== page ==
What’s Old Is New Again: Captain America and Comic Book Reboots
By J.C. Vaughn
It happens in movies, television and cartoons. And it definitely happens in comic books. Someone in those respective businesses takes a look at their older properties – maybe they’re still current or maybe they’ve long since gone dormant – and they decide now is the time to freshen things up and get people excited about it.
A lot of times it works. Sometimes it turns out like Johnny Depp’s turn in The Lone Ranger. Either way, the phrase of the day is “reboot.”
The most recent large scale reboot in the world of comics was DC Comics’ “New 52” initiative, which updated a large number of their characters in a coordinated relaunch. It attracted a lot of attention.
But truth be told, this is no different in concept than when Stan Lee and his “House of Ideas” created the “Marvel Age of Comics,” or when DC editor Julie Schwartz heralded the Silver Age by rebooting the Golden Age incarnations of DC’s top superheroes.
The excitement of DC’s then-new Flash and Green Lantern in the dawn of the Silver Age led to a wholesale revival of the company’s superhero line. Even the company’s premiere super-team, the Justice League of America, was a modernization of the first superhero team, the Justice Society of America.
Marvel, for its part, sometimes used only the names of the characters, seeing the Golden Age android Human Torch replaced by the young Johnny Storm Human Torch in the pages of Fantastic Four #1. Not too many years after that, the names Vision and Black Widow resurfaced at Marvel with little relation to the originals.
When the character Captain America was revived in Avengers #4 and when the Sub-Mariner appeared in Fantastic Four #4, they were not new versions of the characters but instead were the originals. The story of Captain America’s disappearance and his sidekick Bucky’s demise at the end of World War II, though, did in fact create the need for a substantial retro-continuity change since in the real world Cap’s adventures had continued through the end of the war and even experienced a strange, brief revival in the 1950s. It took many twists and turns over more than a decade of real time to fill in the continuity gaps and explain what had happened. The Sub-Mariner’s youth and vitality decades later was an easier explanation. As a human-Atlantean hybrid, a mutant, he had a longer lifespan as well as incredible power.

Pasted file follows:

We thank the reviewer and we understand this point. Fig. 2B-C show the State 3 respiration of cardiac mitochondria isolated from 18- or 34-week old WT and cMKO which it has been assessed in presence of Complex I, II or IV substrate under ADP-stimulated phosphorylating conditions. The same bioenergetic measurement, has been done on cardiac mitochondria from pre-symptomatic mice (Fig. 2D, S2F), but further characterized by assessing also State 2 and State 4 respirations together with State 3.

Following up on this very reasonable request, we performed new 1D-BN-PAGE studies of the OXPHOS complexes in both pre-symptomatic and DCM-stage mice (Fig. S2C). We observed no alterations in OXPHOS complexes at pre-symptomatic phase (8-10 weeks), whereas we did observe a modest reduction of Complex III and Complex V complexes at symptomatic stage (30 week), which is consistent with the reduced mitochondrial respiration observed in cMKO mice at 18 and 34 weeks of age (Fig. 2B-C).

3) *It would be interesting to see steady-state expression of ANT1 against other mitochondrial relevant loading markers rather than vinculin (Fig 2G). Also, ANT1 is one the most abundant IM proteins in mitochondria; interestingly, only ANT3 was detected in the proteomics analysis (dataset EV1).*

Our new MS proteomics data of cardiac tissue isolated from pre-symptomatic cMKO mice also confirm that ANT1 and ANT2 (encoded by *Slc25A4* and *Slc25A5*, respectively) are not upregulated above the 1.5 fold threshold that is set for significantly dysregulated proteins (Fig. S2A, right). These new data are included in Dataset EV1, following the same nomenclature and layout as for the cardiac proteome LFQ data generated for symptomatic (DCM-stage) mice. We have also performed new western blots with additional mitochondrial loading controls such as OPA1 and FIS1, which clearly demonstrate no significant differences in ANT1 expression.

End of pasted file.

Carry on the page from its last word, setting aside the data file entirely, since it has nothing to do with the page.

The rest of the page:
All of these instances of ret-con (retro continuity) or reboots provide natural jumping on or jumping off points for fans. Some of the fun may come in trying to figure out when a title has been changed just to get the spike in sales thought to accompany a new first issue, and when it’s really starting over. Marvel’s Captain America might be a great case study in this.
The recently launched “Marvel Now” series Captain America will be the tenth on-going title to feature the Star Spangled Avenger. While some of them have been short-lived, others have spanned decades. They include Captain America Comics (1941-1950, 1954), Captain America (1968-1996), Captain America (1996-1997, “Heroes Reborn”), Captain America (1998-2002, “Heroes Return”), Captain America: Sentinel of Liberty (1998-1999), Captain America (2002-2004, “Marvel Knights”), Captain America and The Falcon (2004-2005), and Captain America (2005 – 2011).
Following Captain America #50, the 2005 series took the cumulative issues and adopted the number of the 1968 series, making the following issue Captain America #600 in keeping with the character’s raised profile, Marvel’s 70th corporate anniversary, and the then-upcoming Marvel Studios Captain America film.
Following Captain America #619, Marvel decided to introduce a new Captain America series with Captain America #1 (the ninth series), so Captain America (eighth series) changed its title to Captain America & Bucky with #620, followed by Captain America & Hawkeye (one story arc), Captain America & Iron Man (one story arc), Captain America & Namor (one issue), and Captain America & Black Widow (one story arc).
Of these, Captain America Comics and the Silver Age Captain America represent two different takes on the same character, with the anomalies of the 1950s revival explained away with new story elements later. After that, the only distinctly different Cap prior to “Marvel Now” was the “Heroes Reborn” version, although the Marvel Knights version didn’t entirely square with other stories.
Regardless, there’s fun to be had in collecting any or all of them. Even if you can’t quite figure them all out.
J.C. Vaughn is the Vice-President of Publishing for Gemstone Publishing. He says he sadly enough does understand all the different volumes of Captain America. Scott Braden contributed to this article.